You are here
As is often the case, worker activism reached a peak just prior to the Lunar New Year, with workers desperate to get paid before the holiday. The rate of worker activism prior to New Year’s Day on 19 February was actually about double that for the remainder of the quarter, with 9.44 incidents per day compared with 4.56 incidents per day on average since 20 February. However, it is important to note that the level of post-New Year activism was still on a par with that of the fourth quarter in 2014.
In the pre-New Year period, more than half (52.5 percent) of all worker protests were in the construction industry, while manufacturing accounted for 22 percent. In both industries, actions were driven overwhelmingly by the non-payment of wages. Workers blocked roads, staged sit-ins in their work places, and protested at government buildings in a bid to get paid.
One week before the New Year. Workers block the road in Yuqing county, Guizhou.
Traditionally, worker unrest has been concentrated in Guangdong and the other southeast coastal provinces but protests in inland provinces are now almost as common. For example, it was the central and northern provinces of Henan, Hebei, Hubei and Sichuan that saw the highest number of construction worker protests in the lead up to the New Year, with major cities like Wuhan and Chengdu at the forefront of worker activism.
Even smaller inland cities saw a surge in the number of protests. The Hubei city of Xiangyang, with a population of five million, saw seven construction-related incidents over a five day period. One netizen in Xiangyang remarked “These past few days, the number of migrant workers I’ve seen blocking roads and demanding payment of wages is in the thousands,” while another complained “this is already the third day that the road has been blocked on my way to work!! Migrant workers, my uncles, if I’m late for work I’ll get my wages cut by my boss.”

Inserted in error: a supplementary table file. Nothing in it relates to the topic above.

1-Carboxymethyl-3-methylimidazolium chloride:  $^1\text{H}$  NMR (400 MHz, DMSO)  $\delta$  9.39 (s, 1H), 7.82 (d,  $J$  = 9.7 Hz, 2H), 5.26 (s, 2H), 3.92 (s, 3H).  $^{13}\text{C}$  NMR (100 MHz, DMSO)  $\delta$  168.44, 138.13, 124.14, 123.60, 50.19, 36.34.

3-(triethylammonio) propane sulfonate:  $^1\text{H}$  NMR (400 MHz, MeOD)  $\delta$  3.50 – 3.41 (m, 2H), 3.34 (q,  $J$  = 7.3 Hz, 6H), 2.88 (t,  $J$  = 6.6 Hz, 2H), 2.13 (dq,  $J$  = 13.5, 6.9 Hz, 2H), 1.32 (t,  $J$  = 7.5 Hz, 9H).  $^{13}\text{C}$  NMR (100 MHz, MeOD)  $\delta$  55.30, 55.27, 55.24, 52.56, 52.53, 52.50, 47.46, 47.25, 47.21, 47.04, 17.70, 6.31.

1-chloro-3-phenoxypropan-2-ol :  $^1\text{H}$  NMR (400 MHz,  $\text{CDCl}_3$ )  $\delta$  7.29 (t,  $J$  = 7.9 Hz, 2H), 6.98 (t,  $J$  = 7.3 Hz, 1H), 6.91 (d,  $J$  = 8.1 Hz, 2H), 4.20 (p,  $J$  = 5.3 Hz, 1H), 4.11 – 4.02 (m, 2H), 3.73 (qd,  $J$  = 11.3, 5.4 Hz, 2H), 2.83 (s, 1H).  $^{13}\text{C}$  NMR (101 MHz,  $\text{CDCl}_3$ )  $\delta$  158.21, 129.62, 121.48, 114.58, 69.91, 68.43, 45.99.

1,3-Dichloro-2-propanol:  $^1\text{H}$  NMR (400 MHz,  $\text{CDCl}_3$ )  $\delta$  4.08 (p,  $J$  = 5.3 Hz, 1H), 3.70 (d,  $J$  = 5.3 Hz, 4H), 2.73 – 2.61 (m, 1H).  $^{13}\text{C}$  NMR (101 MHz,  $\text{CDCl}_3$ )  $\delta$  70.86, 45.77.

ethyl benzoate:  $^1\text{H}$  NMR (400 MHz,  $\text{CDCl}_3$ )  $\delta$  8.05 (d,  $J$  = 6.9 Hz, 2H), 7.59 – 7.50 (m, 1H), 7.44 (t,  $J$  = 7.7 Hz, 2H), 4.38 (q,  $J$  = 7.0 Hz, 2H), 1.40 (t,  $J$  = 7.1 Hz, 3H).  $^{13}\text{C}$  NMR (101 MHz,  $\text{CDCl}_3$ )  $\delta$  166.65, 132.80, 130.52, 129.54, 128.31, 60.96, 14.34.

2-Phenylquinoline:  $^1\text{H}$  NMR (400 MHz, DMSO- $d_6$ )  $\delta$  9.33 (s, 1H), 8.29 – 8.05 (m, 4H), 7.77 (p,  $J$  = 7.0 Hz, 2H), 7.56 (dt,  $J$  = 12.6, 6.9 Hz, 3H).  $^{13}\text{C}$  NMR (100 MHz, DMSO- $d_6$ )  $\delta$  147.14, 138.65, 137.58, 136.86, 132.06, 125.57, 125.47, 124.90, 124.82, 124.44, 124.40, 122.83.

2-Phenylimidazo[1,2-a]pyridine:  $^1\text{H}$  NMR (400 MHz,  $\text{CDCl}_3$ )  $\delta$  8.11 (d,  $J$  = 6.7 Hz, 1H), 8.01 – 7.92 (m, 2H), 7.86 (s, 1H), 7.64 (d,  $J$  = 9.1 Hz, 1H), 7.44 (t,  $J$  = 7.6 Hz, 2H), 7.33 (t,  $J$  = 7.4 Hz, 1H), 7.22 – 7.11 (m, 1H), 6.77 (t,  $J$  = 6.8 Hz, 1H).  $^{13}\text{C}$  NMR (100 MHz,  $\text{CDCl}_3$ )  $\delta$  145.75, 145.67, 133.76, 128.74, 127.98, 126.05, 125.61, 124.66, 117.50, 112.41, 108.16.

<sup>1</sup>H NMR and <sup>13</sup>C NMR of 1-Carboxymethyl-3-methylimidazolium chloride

The intensity of worker activism may have tailed-off overall following the New Year surge but in Guangdong’s factories strikes are just as common as ever. There were several high-profile strikes in March in the Pearl River Delta cities of Dongguan and Zhongshan, including a new round of strikes at the Yue Yuen shoe factory, famous for one of the largest strikes in recent Chinese labour history last year. In the quarter as a whole, Guangdong still accounted for about one third of all the strikes and protests in China’s manufacturing sector.
While most of the worker protests in the quarter were in the construction and manufacturing industries, transport and services each accounted for about ten percent of the total. Strikes by taxi drivers made the headlines on numerous occasions, with calls for a thorough shake-up of the industry even reaching the National People’s Congress in Beijing. However as the dramatic attempted mass-suicide in Beijing on 4 April by 30 taxi drivers from the northern border-town of Suifenhe shows, many drivers are still angry and are increasingly desperate.
Please note that while there was a dramatic three-fold increase, year-on-year, in the total of number of protests this quarter, 650 compared with 202 in the first quarter last year, this was partly due to more social media resources and better reporting over the course of the year.